CLEARWATER — City officials were hoping to hold a long-anticipated referendum on Imagine Clearwater this November.
Then the coronavirus pandemic happened.
Now, officials say it’s unclear when voters will have their say on a key piece of the $64 million downtown redevelopment project.
The entire point of Imagine Clearwater is to revitalize the city’s long-dormant downtown. In order to do that, city officials have said Clearwater needs to bring more affluent, full-time residents to the area.
To that end, the city plans to build a sparkling new park and a refurbished library surrounded by new developments on three city-owned pieces of land: the former Harborview site on the corner of Cleveland Street and S Osceola Avenue; the old City Hall building on the north side of Pierce Street and Osceola, and a plot that was formerly owned by the Clearwater Marine Aquarium on the south side of Pierce Street and Osceola.
The city has put out a call for developers who might be interested in building mixed-use retail and housing projects on those properties. But the pandemic has delayed feedback from those firms, city officials say. The deadline for developers to express interest is next month.
If the charter-protected Harborview or City Hall sites are to be sold or leased by developers, it will require approval from Clearwater voters. But there won’t be any proposals ready for voters to consider by the fall. City officials say the vote won’t happen until 2021, at the earliest.
“We’re not going to be in a good position to make a November referendum," said Michael Delk, the assistant city manager in charge of the project. “That industry, just like us, is not sure when it comes to finances.”
On Thursday, the Clearwater City Council will have Imagine Clearwater on its agenda for the first time since three new council members were elected March 17. All three of the new council members — Mayor Frank Hibbard and council Members Kathleen Beckman and Mark Bunker — have said they oppose significant parts of the project. In Clearwater’s city manager system, the mayor is one of five votes on the City Council, which dictates policy to city staff.
Hibbard has said the city should not be investing so much money on refurbishing the Clearwater Main Library. Those improvements are set to cost $6 million, including $3.6 million for a new rooftop terrace which will be used as an event space.
The new mayor also opposes the current layout of the re-imagined Coachman Park, which is slated to include a shaded, half-mile bluff walk; a scenic new garden and lake and a $14 million, 4,000-seat covered amphitheater. Hibbard has said the amphitheater, which is slated to rest near the center of the park, should be moved to the park’s far north end, closer to Drew Street.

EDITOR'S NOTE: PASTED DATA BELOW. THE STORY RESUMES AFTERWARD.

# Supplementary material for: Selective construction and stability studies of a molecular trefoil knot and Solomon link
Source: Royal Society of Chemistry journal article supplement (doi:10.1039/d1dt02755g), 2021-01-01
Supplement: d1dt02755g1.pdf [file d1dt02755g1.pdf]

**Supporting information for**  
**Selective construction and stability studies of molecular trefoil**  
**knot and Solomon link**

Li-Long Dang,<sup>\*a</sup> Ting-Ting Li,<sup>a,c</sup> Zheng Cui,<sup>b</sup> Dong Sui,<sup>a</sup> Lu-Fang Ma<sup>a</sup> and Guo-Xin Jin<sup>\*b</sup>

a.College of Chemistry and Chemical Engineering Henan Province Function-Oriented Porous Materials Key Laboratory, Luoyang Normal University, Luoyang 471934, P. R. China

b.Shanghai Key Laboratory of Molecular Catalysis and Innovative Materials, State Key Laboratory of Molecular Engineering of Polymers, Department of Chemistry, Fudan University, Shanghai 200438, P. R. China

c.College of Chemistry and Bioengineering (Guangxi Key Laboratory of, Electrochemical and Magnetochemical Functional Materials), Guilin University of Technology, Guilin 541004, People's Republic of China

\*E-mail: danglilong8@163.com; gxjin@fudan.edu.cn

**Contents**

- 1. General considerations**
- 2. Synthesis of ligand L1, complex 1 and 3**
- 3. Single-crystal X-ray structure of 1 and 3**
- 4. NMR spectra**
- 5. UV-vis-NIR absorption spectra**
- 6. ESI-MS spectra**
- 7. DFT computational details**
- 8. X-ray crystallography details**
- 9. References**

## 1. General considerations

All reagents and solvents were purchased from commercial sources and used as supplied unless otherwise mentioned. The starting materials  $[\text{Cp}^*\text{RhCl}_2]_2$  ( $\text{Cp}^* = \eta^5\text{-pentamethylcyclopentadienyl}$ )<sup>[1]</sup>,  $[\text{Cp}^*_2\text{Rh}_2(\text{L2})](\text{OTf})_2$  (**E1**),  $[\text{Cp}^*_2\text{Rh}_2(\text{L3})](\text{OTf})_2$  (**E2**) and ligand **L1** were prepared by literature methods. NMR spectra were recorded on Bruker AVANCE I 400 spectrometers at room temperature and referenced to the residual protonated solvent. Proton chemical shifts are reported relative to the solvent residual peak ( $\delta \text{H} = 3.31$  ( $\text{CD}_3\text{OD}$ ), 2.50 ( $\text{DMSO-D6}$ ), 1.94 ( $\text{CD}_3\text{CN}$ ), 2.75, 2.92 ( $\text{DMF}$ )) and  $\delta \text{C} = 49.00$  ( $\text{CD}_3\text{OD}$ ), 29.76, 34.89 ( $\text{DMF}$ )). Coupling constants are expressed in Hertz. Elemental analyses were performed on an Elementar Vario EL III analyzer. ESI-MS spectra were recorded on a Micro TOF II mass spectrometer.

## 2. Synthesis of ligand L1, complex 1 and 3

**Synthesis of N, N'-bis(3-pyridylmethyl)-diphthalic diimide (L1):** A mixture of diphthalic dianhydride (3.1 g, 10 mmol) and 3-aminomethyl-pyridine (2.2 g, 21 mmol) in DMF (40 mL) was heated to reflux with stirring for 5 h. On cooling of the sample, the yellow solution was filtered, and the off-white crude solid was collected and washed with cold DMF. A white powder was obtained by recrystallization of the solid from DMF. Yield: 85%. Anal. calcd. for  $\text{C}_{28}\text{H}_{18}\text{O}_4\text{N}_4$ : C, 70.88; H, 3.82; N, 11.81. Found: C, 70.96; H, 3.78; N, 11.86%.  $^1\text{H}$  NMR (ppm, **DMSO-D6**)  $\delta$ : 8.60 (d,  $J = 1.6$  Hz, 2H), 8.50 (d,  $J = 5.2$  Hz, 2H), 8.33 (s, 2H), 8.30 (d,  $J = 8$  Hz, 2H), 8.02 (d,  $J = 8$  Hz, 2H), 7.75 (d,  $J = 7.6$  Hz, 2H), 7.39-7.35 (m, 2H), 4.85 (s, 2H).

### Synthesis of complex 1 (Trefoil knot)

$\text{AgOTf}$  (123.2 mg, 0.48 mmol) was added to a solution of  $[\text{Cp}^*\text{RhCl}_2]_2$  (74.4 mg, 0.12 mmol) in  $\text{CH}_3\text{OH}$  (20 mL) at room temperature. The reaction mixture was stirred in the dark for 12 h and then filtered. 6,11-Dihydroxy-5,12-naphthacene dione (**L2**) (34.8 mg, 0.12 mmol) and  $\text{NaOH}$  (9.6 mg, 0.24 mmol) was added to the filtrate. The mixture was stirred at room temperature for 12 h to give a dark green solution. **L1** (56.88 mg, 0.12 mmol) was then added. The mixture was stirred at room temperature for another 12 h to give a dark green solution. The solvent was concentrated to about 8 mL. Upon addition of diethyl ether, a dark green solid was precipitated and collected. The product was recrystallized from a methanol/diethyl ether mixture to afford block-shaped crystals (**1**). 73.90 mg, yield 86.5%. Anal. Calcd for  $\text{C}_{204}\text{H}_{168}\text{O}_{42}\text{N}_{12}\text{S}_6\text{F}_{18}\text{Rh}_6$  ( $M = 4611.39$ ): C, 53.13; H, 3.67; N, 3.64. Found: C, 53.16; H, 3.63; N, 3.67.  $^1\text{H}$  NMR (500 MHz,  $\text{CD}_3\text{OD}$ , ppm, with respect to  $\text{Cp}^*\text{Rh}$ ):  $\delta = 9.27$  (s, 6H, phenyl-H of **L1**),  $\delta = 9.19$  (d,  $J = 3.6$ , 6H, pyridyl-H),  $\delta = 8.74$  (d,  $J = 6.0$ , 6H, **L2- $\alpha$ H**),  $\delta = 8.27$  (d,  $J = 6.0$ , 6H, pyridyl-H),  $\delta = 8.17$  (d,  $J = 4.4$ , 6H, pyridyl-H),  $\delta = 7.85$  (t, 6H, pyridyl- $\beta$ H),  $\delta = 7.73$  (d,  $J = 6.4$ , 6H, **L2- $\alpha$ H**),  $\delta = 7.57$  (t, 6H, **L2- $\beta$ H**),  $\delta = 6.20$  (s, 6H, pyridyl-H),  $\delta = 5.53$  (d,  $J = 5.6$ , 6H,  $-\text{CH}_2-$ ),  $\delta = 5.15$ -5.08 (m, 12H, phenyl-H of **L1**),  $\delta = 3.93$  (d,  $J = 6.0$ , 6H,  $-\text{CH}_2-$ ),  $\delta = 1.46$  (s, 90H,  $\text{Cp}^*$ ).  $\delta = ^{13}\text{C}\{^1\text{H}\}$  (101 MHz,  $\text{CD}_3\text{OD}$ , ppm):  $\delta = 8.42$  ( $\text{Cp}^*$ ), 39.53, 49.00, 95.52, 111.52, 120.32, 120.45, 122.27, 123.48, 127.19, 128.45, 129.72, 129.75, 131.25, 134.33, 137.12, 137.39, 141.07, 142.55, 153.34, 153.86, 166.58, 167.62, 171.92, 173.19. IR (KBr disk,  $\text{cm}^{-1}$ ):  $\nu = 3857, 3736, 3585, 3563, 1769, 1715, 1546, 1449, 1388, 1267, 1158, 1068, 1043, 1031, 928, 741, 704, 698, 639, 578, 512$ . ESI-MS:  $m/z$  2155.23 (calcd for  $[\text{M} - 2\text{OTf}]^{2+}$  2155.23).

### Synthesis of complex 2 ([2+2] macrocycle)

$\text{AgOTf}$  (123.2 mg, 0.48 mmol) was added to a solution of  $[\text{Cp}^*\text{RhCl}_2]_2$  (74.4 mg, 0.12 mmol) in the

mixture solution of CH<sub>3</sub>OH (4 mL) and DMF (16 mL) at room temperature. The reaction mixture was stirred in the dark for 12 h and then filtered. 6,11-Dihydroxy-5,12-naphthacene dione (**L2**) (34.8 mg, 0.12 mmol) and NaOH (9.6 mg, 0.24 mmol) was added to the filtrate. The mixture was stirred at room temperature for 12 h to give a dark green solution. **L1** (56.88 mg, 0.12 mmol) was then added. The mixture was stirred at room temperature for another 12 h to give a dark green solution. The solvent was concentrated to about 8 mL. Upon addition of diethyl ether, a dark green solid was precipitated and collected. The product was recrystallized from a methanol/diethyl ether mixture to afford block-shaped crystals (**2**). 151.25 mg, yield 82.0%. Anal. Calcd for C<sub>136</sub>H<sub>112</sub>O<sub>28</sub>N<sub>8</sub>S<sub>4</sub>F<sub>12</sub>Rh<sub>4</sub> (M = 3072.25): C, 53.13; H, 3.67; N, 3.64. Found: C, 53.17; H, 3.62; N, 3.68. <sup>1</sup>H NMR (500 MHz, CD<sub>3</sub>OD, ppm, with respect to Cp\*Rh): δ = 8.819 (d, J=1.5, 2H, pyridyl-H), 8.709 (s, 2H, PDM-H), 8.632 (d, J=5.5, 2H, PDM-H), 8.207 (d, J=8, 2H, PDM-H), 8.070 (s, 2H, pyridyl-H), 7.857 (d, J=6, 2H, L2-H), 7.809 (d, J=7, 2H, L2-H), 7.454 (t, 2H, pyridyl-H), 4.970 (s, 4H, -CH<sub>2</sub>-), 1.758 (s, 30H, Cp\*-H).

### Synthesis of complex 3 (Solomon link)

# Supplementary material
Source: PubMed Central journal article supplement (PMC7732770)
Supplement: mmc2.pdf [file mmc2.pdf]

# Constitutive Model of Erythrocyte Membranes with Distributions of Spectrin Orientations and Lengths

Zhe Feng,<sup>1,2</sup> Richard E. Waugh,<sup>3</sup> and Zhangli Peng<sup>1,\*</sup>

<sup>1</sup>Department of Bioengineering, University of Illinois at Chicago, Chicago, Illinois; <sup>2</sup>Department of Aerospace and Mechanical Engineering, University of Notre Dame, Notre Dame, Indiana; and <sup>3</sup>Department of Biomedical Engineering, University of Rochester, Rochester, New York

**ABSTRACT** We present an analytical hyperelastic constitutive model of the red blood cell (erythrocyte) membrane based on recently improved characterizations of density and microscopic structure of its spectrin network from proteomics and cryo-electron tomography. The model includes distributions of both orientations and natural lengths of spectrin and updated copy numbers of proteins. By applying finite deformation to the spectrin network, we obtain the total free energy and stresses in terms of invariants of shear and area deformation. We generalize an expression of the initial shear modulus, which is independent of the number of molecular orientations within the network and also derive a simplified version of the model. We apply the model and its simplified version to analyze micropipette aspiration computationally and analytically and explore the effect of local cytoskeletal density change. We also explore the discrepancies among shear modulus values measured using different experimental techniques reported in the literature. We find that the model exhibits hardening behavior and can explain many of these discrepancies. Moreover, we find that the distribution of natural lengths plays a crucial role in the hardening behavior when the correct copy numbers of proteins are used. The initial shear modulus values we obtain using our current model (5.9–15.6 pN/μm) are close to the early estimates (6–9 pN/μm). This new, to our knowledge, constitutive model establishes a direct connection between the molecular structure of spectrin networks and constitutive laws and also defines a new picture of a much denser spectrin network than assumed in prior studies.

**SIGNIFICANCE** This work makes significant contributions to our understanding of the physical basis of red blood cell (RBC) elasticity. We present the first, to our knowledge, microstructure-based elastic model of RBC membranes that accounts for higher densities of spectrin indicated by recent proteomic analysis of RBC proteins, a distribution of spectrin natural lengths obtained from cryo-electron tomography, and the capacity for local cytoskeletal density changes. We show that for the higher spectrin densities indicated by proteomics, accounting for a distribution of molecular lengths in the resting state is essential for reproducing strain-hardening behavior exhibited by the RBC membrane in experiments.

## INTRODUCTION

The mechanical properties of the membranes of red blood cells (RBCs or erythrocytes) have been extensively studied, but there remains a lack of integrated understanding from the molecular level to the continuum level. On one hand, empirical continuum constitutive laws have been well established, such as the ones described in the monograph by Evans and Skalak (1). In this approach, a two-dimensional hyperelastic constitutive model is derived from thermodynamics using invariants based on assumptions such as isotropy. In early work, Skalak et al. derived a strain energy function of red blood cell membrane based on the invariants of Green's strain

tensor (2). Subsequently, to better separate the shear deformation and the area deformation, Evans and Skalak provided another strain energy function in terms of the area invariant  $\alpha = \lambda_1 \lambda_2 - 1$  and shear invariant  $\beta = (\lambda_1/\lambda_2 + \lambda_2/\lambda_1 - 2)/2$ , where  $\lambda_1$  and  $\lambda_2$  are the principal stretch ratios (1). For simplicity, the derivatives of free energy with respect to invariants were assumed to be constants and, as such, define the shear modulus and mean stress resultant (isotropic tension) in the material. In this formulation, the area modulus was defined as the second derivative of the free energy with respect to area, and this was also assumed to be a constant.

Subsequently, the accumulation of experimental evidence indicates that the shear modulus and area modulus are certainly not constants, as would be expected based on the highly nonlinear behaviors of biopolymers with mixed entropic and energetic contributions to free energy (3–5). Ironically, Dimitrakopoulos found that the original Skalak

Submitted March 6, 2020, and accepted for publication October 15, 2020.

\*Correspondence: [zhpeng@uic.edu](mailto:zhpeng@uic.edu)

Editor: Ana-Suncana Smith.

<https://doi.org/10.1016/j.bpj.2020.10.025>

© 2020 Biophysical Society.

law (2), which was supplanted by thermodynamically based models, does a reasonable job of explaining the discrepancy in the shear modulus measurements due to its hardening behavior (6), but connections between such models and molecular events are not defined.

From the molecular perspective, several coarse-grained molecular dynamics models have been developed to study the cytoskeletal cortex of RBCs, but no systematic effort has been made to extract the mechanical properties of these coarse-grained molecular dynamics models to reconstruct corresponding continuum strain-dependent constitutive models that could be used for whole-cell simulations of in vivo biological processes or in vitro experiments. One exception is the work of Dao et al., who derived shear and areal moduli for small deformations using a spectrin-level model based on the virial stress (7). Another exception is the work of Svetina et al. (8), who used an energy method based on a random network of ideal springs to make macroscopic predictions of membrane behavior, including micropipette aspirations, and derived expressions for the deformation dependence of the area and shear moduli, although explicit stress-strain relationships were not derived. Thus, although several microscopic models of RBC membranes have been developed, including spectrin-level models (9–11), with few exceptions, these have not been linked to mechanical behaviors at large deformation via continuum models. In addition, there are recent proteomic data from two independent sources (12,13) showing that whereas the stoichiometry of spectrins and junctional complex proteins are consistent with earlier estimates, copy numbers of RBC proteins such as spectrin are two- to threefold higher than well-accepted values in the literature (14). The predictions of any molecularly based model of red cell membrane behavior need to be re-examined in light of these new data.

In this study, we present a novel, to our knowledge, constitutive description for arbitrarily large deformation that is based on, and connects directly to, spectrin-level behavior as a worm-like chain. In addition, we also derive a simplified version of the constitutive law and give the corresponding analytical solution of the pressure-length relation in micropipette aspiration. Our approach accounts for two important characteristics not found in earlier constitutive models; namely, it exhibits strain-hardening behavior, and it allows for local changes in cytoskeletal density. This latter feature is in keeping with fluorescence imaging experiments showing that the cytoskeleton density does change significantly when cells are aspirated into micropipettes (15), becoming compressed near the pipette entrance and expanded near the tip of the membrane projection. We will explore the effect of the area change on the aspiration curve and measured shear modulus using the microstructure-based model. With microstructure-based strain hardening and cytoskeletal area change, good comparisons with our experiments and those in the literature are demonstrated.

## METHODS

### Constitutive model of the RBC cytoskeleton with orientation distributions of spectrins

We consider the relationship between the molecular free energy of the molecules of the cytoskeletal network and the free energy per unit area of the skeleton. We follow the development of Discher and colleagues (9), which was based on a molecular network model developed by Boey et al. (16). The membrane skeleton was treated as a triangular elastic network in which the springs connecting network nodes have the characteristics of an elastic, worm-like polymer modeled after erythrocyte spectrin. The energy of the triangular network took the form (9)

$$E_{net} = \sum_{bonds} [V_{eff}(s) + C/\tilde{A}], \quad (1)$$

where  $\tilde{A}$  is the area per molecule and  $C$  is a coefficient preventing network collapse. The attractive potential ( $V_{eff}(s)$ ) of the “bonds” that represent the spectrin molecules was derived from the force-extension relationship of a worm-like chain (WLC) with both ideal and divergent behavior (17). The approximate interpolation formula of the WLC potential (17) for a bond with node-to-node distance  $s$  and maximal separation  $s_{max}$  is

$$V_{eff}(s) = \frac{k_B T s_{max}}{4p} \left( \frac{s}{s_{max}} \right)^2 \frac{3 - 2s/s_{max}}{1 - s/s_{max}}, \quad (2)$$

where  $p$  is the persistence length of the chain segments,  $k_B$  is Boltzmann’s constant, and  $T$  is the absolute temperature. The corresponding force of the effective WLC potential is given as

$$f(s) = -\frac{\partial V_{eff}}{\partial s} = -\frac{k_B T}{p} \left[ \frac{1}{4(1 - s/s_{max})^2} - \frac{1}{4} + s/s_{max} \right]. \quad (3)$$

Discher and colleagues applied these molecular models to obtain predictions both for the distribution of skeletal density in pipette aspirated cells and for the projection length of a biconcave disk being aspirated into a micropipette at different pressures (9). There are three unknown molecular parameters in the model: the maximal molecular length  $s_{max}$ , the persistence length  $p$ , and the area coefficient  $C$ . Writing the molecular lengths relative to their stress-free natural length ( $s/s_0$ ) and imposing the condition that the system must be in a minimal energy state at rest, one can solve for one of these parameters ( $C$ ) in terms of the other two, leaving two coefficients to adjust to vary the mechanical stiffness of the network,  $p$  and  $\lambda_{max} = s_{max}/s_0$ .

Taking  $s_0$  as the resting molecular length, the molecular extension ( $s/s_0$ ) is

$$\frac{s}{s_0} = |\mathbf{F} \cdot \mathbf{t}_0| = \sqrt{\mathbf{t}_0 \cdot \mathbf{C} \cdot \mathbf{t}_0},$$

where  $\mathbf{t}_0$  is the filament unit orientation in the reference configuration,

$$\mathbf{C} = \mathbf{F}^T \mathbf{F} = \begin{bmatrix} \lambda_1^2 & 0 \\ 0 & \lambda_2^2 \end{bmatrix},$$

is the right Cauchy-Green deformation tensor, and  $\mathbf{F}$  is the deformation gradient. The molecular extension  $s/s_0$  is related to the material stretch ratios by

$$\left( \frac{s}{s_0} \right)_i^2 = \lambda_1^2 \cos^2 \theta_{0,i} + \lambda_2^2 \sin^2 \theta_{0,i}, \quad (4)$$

Bunker, a strident critic of the Church of Scientology, which has its international spiritual headquarters downtown, did not respond to a request for comment. But during his campaign, Bunker said the city should not spend tens of millions of dollars downtown given the fact that it’s still unclear what the church plans to do with a recent rash of Scientology-connected downtown purchases.
Beckman has called for a smaller, less expensive amphitheater.
Delk noted in an interview that the pandemic has delayed Imagine Clearwater construction plans by about two months. The best case scenario, he said, is that construction work could start on the project by the mid-summer of this year.
Even so, the city is far along in its plans for the downtown redevelopment project, which were set in motion by the previous City Council. Coachman Park is past the 60 percent planning phase, and the re-imagined library is almost entirely planned, the assistant city manager said.
Hibbard said he’s willing to interrupt those plans in order to get the project right.
“I will not be pushed into making a decision because staff says we’re too far down the road,” the mayor said.
All of the different visions for Imagine Clearwater are colliding at a time of heightened financial uncertainty for the city. Last year, the city approved $30 million in new bonds to help pay for the Imagine Clearwater project. With a pandemic-induced economic downturn looming, that money could be harder to come by. How will the general revenue sources that will finance the bonds — franchise fees, utility taxes, etc. — look in the coming years?
Only time can answer that question, officials say.
Hibbard noted he was also hoping to get some funding for Imagine Clearwater from the Pinellas County Tourist Development Council. That body helps the Pinellas County Commission allocate bed tax money, a six-percent fee tacked onto the bill for every short term stay in the county.
With tourism in the county at a virtual standstill because of the coronavirus, Hibbard said there likely won’t be very much of that money to go around in the near future.
Even Council member Hoyt Hamilton, who supports the current vision for Imagine Clearwater acknowledged the coronavirus is certain to throw off the timeline for a project that’s been in the works since 2016.
"The pandemic is going to throw a little fly in the ointment as far as financing and timing,” Hamilton said.